The team from the Bureau of Natural Heritage Conservation included: Burn Boss Matt Zine, Nate Fayram and Jared Urban the north and south line bosses respectively and Jessica Renley, Alex Wenthe, Adam Stone and Bridget Rathman. Paul Sandgren, Matt Wilhelm, Don Dane, and Dennis Mclain represented the Kettle Moraine State Forest-Southern Unit. Greg Kidd and Erin Holmes, volunteering their time, represented the NRCS (Erin also works with Pheasants Forever). And, last but not least, Bill Walz, an SNA volunteer who also works with The Prairie Enthusiasts was there.
Greg gearing up.
Alex, Greg and Matt.
Matt Zine explains the burn plan.
It was a pleasure to hang out with the “pros” and be one of the team. Matt Zine attributes much of their success developing the SNA’s in the Kettle Moraine State Forest–Southern Unit to Paul Sandgren’s leadership and commitment. A lot of thought and effort went into planning this day — bringing the people and equipment together — and the conditions were perfect for a woodland burn!
Per the plan, we began anchoring the unit on the line between points B and A.
Then the south line team began lighting a backing fire from A to L while the north line team did the same moving west from B to D.
The steep moraines were not for the fainthearted to drive an ATV up and down on, and the wetlands on the northern perimeter had some deep, water filled trenches to negotiate. I was really impressed with the fortitude and level of effort and cooperation amongst everyone involved. They carried out the plan without a hitch!
This classic kettle required a bit of extra effort to carry fire through it.
David Bart, Assistant Professor Landscape Architecture and Nelson Institute for Environmental Studies UW-Madison, contributed the next 5 pics showing the north line team in action.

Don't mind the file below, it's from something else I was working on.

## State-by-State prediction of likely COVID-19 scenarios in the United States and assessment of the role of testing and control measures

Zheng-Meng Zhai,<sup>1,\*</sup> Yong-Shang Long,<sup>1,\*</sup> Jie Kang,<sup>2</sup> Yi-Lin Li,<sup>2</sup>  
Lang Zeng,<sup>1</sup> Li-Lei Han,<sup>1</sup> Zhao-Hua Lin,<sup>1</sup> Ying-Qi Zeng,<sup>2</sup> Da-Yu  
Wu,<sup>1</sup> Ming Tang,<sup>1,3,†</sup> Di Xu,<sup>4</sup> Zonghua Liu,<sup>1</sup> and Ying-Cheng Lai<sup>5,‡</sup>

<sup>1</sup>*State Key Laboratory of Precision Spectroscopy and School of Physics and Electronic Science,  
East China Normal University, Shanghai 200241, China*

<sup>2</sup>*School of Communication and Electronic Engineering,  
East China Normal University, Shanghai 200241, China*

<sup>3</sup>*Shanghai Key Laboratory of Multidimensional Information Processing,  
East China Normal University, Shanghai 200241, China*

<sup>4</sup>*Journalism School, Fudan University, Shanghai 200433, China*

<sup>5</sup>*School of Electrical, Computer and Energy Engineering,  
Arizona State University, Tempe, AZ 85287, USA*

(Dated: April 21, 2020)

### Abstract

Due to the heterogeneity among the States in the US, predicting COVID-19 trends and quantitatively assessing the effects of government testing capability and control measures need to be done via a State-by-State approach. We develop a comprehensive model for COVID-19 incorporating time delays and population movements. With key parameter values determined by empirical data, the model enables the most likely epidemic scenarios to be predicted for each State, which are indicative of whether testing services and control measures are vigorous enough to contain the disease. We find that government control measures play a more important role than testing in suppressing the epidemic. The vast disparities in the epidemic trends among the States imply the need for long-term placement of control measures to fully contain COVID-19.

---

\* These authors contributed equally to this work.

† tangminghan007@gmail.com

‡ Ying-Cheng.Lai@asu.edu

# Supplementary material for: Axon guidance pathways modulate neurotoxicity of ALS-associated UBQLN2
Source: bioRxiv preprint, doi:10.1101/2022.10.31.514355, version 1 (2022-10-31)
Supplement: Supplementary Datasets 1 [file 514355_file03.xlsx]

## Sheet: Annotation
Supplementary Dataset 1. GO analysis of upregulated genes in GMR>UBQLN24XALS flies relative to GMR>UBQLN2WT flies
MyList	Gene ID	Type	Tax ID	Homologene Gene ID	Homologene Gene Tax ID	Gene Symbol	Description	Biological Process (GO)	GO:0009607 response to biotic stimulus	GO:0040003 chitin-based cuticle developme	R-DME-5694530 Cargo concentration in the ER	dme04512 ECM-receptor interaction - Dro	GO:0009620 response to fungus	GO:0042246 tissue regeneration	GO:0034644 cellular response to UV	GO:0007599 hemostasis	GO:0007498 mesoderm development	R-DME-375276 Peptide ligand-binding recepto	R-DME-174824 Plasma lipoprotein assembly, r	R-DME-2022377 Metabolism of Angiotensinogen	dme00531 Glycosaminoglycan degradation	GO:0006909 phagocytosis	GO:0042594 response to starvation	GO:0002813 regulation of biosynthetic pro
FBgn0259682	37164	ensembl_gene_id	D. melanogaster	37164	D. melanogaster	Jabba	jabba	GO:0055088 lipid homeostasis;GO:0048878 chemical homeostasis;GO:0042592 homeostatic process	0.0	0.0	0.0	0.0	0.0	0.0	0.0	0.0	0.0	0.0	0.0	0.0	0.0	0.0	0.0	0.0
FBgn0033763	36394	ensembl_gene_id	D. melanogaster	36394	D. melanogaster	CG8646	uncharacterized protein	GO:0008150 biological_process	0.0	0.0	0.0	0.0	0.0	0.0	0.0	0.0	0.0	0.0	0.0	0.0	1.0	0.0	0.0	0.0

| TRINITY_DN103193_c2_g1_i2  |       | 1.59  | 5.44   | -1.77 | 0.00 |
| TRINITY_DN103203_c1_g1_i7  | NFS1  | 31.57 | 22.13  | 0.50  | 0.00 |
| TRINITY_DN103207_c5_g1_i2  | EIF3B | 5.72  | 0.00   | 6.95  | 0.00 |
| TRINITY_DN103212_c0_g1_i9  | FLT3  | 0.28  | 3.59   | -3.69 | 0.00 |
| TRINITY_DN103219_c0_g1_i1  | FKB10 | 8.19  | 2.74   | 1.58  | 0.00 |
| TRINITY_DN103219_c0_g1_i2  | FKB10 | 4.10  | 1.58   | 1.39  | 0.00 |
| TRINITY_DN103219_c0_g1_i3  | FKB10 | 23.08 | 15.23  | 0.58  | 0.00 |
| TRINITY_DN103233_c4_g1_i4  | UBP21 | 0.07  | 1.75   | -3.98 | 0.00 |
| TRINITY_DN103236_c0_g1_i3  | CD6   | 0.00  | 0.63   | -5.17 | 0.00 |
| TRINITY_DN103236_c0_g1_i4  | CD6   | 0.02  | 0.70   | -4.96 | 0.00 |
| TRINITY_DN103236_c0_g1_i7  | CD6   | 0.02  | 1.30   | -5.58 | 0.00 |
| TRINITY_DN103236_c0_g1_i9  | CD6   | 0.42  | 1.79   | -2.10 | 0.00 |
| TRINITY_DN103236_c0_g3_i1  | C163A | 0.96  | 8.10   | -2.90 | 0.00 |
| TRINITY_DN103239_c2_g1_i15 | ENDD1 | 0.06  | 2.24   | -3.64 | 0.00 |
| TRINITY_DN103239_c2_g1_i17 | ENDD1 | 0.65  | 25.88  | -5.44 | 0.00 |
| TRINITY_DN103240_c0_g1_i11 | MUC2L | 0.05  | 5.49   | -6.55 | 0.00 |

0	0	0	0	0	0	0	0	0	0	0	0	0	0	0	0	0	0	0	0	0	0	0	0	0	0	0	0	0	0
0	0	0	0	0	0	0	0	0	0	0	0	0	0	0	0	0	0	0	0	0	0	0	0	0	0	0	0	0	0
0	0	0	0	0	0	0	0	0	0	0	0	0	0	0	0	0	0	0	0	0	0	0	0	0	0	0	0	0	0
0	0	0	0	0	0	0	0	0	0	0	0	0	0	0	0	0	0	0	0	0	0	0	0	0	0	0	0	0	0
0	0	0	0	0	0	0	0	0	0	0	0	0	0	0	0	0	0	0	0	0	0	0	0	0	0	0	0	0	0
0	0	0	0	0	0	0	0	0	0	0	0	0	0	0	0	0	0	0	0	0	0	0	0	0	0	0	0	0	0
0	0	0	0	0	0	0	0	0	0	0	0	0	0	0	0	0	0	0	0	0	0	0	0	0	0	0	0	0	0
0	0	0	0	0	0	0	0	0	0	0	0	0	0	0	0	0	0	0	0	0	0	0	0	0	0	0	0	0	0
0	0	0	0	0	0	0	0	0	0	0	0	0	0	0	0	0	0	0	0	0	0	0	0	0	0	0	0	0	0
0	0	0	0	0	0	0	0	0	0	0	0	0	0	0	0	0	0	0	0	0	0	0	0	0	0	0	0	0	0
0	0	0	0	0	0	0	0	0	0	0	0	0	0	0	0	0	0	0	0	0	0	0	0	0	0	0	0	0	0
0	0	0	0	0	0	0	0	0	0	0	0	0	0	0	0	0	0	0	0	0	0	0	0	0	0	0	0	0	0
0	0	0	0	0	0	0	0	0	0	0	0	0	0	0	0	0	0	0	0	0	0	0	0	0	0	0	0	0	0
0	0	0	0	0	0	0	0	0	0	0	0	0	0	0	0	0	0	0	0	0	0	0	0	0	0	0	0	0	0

Bill and I got “released” around 6:30pm and I quickly changed clothes and headed back to the burn unit to get some more pics.
A happy Matt and Erin.
I was eager to see the blackened kettles and moraines along the line from A to L.
Then I headed west from point A and decided to try to walk the perimeter of the burn unit.
I was blown away when I saw how difficult it must have been to lay down the backing fire on the north line. Here are a couple views of the wetlands Nate, Jess and Adam lit up.
You could see lines of fire still creeping through the center of the unit.
I threaded my way through the black and brush until I came to the big open water where all the springs collect forming Bluff Creek.
There are dozens of springs flowing into the headwaters.
It’s a good thing I had walked this area once before on an SNA workday at Lone Tree Bluff and knew where I was. I had no problem picking my way through these creeping fires on the trail leading back to the parking lot on Easterly Road.
I found my way in the dark back along the firebreak at point J and came all the way around the south end of the burn unit back to point A. And reminiscent of last year’s Scuppernong Burn, I ran into Don Dane, just beginning his all-night vigil at the burn unit.
The new Statewide Prescribed Burning Guidelines require that all burning and smoking wood on “the entire burn” be extinguished before the burn can be declared “controlled”. Don watched the fires throughout the night and the SNA team returned today to complete the mop up. It is hoped that the guidelines can be amended to acknowledge the low level of risk that smoldering logs pose in the middle of a huge burn unit. It is hard and complicated enough as it is for the DNR to effectively use fire to help manage the forests.